DALLAS (Ivanhoe Newswire) – In the 1970s, researchers discovered that a newborn’s umbilical cord blood contained special stem cells that could help certain diseases. More than 30 years later, doctors are still experimenting with, learning more about and perfecting the use of cord blood.
Amanda Canale doesn’t take time with her daughter and niece for granted. She’s just happy to feel good.
“I’ve been in the hospital, and I’ve been sick my whole life,” Canale told Ivanhoe.
Canale was born with a rare blood disorder that required daily shots.
“Basically, I have no white blood cells,” Canale explained. “I have no immune system at all.”
At 23, she developed leukemia and was given two weeks to live. She desperately needed a bone marrow transplant, but family members weren’t matches. Her doctor suggested an umbilical cord blood transplant.
“The cord was a perfect match and it was available, so it was the right solution for her,” Edward Agura, MD, Medical Director of Bone Marrow Transplantation, Baylor University Medical Center, Dallas, told Ivanhoe.
Cord blood contains stem cells that regenerate. Mothers of newborns can save their child’s own blood or donate it. More than 30,000 transplants have been performed worldwide. However, because the blood comes from a tiny newborn, there’s not much of it.
“The cord blood is rare, precious and few, and yet is more potent in its ability to grow,” Dr. Agura explained.
Now, doctors at Baylor are treating patients by combining cord blood from multiple donors. They’ve found this increases the number of stem cells and provides faster recovery.
Canale's transfusion was from a baby whose mother donated six years earlier. The procedure completely cured her cancer and blood disorder.
“Sometimes I have to sit back and think it’s not real because I’m used to taking shots every day,” Canale said. “I’m used to being sick.”
Now, she can enjoy time with a little girl who’s glad to have a healthy mom.
“I think she’s awesome and that she’s really strong,” Canale's daughter, Amanda, told Ivanhoe.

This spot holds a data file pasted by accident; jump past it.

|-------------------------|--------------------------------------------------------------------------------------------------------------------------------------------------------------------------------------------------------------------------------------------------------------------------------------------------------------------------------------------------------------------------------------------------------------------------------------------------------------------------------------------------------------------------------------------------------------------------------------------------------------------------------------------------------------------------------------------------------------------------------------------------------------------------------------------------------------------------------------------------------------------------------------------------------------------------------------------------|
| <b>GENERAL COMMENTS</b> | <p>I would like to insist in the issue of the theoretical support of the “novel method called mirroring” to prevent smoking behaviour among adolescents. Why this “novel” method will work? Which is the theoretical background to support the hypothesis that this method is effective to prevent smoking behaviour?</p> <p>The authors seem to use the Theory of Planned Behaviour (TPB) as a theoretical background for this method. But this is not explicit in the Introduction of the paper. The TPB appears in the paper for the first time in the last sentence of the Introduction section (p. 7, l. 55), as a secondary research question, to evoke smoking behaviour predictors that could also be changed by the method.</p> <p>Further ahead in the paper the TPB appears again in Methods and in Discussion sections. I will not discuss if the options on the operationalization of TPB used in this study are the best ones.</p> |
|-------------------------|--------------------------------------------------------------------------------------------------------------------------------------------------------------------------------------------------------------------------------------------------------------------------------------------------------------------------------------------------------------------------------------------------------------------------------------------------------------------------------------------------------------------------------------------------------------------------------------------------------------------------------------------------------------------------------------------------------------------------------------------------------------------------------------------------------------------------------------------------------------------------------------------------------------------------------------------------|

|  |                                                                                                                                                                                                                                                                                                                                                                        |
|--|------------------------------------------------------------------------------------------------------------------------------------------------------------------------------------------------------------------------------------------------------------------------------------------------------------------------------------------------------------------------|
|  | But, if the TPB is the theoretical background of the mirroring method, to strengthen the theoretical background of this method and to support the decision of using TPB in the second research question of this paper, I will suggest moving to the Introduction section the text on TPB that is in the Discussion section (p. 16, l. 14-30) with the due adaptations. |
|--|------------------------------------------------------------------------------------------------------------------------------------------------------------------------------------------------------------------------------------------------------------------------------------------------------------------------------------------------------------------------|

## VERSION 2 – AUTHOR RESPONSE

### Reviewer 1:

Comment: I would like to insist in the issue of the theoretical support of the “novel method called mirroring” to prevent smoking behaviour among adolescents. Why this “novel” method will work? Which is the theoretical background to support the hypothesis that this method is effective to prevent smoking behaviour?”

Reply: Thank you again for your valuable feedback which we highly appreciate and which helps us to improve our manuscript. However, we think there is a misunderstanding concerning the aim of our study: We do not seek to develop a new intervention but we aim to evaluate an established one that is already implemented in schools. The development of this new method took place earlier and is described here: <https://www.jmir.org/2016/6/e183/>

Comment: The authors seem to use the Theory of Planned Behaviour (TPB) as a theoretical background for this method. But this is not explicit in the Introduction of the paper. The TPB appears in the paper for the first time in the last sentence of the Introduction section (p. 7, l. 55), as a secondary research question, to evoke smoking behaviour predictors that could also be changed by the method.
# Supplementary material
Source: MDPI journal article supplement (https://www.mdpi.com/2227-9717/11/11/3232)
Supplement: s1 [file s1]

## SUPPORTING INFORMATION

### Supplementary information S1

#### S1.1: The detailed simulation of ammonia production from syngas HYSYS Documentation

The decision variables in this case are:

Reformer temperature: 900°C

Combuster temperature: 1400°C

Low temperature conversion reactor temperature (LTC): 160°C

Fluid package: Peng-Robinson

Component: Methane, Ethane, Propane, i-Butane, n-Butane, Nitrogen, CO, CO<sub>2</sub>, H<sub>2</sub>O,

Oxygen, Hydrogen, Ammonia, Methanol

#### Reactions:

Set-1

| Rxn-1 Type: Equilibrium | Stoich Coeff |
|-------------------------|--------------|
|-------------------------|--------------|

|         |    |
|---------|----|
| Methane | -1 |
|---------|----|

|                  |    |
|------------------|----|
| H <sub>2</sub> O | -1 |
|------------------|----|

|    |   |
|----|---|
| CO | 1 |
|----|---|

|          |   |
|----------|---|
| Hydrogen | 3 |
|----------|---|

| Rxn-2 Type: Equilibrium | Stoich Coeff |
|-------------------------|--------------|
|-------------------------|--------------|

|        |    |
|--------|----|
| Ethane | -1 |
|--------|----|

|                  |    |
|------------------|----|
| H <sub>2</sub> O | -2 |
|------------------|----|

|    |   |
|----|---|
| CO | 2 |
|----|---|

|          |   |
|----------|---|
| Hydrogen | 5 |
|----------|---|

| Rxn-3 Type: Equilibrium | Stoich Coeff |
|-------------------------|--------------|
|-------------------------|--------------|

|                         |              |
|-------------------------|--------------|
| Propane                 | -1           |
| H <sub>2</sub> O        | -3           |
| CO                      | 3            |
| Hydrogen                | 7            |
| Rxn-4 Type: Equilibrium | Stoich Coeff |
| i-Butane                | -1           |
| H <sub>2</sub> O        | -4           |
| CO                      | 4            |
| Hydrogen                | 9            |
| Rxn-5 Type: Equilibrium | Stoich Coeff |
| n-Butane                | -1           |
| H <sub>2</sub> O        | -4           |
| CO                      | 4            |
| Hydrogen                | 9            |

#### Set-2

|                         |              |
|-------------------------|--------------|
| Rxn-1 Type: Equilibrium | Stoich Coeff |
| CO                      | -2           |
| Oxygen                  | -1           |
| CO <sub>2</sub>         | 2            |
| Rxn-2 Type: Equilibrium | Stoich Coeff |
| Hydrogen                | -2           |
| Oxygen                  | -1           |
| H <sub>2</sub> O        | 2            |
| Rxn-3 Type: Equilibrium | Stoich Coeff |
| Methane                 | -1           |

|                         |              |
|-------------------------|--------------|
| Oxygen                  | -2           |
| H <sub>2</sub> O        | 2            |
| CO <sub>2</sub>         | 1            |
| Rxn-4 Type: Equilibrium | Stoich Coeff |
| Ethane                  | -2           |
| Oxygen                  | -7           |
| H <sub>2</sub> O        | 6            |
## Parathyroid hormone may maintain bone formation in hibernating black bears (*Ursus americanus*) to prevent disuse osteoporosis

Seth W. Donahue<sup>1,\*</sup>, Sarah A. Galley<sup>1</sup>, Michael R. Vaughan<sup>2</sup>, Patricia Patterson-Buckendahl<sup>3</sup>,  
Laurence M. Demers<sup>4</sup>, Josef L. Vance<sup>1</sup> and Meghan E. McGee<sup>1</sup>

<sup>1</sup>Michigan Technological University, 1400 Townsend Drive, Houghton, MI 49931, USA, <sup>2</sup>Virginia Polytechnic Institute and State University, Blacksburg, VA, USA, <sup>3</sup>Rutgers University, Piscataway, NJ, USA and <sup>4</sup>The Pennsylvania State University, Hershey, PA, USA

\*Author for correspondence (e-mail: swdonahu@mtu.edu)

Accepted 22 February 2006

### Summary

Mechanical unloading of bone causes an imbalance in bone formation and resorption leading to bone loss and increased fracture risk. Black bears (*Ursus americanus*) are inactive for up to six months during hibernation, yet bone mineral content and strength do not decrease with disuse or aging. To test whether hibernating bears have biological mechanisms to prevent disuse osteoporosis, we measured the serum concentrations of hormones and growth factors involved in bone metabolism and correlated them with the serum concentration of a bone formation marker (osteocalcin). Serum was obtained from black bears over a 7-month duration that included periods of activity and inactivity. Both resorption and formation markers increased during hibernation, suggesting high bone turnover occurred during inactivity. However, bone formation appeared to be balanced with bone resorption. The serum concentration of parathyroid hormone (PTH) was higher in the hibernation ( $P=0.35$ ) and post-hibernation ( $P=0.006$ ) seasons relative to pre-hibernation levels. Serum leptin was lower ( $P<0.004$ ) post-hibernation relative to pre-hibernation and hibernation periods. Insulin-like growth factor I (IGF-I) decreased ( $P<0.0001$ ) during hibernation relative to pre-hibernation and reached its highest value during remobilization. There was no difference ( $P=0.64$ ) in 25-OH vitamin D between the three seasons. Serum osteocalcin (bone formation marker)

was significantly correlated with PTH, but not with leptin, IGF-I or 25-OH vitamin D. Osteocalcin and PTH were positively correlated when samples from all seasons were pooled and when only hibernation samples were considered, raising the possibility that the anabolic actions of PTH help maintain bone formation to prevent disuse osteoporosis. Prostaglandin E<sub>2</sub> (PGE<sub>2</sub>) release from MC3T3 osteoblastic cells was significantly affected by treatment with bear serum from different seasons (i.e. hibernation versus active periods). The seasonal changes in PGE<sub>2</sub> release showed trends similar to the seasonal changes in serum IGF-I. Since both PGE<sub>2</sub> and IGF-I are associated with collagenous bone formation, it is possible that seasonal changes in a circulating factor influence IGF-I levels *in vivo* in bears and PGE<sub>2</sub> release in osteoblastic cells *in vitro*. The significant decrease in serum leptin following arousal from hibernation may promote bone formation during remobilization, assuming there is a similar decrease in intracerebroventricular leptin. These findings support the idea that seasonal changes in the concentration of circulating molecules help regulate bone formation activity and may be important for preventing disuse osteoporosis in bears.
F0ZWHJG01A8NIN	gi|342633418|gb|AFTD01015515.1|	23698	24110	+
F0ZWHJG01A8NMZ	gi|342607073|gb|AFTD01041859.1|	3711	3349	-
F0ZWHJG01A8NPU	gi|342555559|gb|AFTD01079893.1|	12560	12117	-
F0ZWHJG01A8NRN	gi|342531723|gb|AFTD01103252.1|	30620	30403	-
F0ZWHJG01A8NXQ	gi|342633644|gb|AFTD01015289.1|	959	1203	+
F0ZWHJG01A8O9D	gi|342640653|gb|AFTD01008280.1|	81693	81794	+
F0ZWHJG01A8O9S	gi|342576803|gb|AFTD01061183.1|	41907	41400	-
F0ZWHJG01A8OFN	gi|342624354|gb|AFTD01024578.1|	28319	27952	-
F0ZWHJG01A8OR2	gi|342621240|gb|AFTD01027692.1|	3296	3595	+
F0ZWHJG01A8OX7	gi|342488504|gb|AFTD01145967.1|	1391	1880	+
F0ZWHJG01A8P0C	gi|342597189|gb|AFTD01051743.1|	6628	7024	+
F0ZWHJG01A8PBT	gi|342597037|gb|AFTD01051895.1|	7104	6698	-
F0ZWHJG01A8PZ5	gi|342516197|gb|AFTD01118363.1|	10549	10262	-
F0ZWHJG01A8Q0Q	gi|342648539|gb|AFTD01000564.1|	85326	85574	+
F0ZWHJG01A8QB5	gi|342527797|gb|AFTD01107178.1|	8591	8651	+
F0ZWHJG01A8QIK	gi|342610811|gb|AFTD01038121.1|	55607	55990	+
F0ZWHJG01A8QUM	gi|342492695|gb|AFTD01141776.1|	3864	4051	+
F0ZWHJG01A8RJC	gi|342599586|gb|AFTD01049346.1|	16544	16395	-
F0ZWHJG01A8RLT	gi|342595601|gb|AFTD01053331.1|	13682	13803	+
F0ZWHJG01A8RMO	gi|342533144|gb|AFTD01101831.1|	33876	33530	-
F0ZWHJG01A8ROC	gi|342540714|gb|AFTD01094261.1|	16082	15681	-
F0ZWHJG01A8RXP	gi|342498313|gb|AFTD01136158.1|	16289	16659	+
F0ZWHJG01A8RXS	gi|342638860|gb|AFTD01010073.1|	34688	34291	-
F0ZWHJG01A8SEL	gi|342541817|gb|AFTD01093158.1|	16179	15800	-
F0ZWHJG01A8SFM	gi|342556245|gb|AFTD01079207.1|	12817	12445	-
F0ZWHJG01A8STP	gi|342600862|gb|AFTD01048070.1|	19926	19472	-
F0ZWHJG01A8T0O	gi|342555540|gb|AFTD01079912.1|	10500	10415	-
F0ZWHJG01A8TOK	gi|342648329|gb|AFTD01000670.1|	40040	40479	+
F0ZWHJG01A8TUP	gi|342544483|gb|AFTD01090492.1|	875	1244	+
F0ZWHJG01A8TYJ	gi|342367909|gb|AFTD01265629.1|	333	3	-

Experts say many more patients could be helped if babies’ cord blood was not thrown away, as it is in 96 percent of the nation’s four-million annual births. On average, it costs about 1,200 dollars up front and 100 dollars per year to privately store cord blood. However, mothers can donate to a public bank for free. For more information, visit bloodcell.transplant.hrsa.gov.
BACKGROUND: When you are expecting, you have many decisions to make, for example, banking umbilical cord blood. Cord blood banking basically means collecting and storing the blood from within the umbilical cord after the baby is born. Cord blood contains blood-forming stem cells, which are potentially useful for treating diseases that require stem cell transplants like leukemia or lymphoma, aplastic anemia, severe sickle cell disease, and severe combined immunodeficiency. There are two types of banks that store cord blood:
• Public banks collect donated cord blood for research or for use by anyone who may need it. There is usually no charge associated with this service. After birth, blood is collected, anonymously marked, and sent to a public bank to potentially save the life of another child one day.
• Private banks store cord blood for personal use by the family. There is a fee associated with this service. People who have a family history of disease that can be treated with stem cell transplants sometimes consider this option.
Like hospital blood banks, cord blood banks are regulated by the FDA, which has developed standards regulating future cord-blood collection and storage. (Source: kidshealth.org)
DISEASES TREATED WITH STEM CELLS: The lifesaving power of cord blood and the regenerative healing potential of cord blood and cord tissue is no longer a secret. The primary type of stem cells are hematopoietic stem cells, which create blood and immune cells. Transplant medicine are used to treat more than 80 diseases, including various cancers and blood, immune and metabolic disorders. More than 30,000 cord blood stem cell transplants performed worldwide to date. There are currently no proven therapies, but cord tissue is being evaluated in clinical trials as a therapeutic agent for optimizing hematopoietic stem cell transplantation and in regenerative medicine applications for their ability to treat various diseases and repair tissue damage. Cord blood stem cells are used in many proven therapies today. More than 200 clinical trials are evaluating cord blood stem cells to advance treatment options in transplant medicine and emerging regenerative applications. (Source: www.cordblood.com)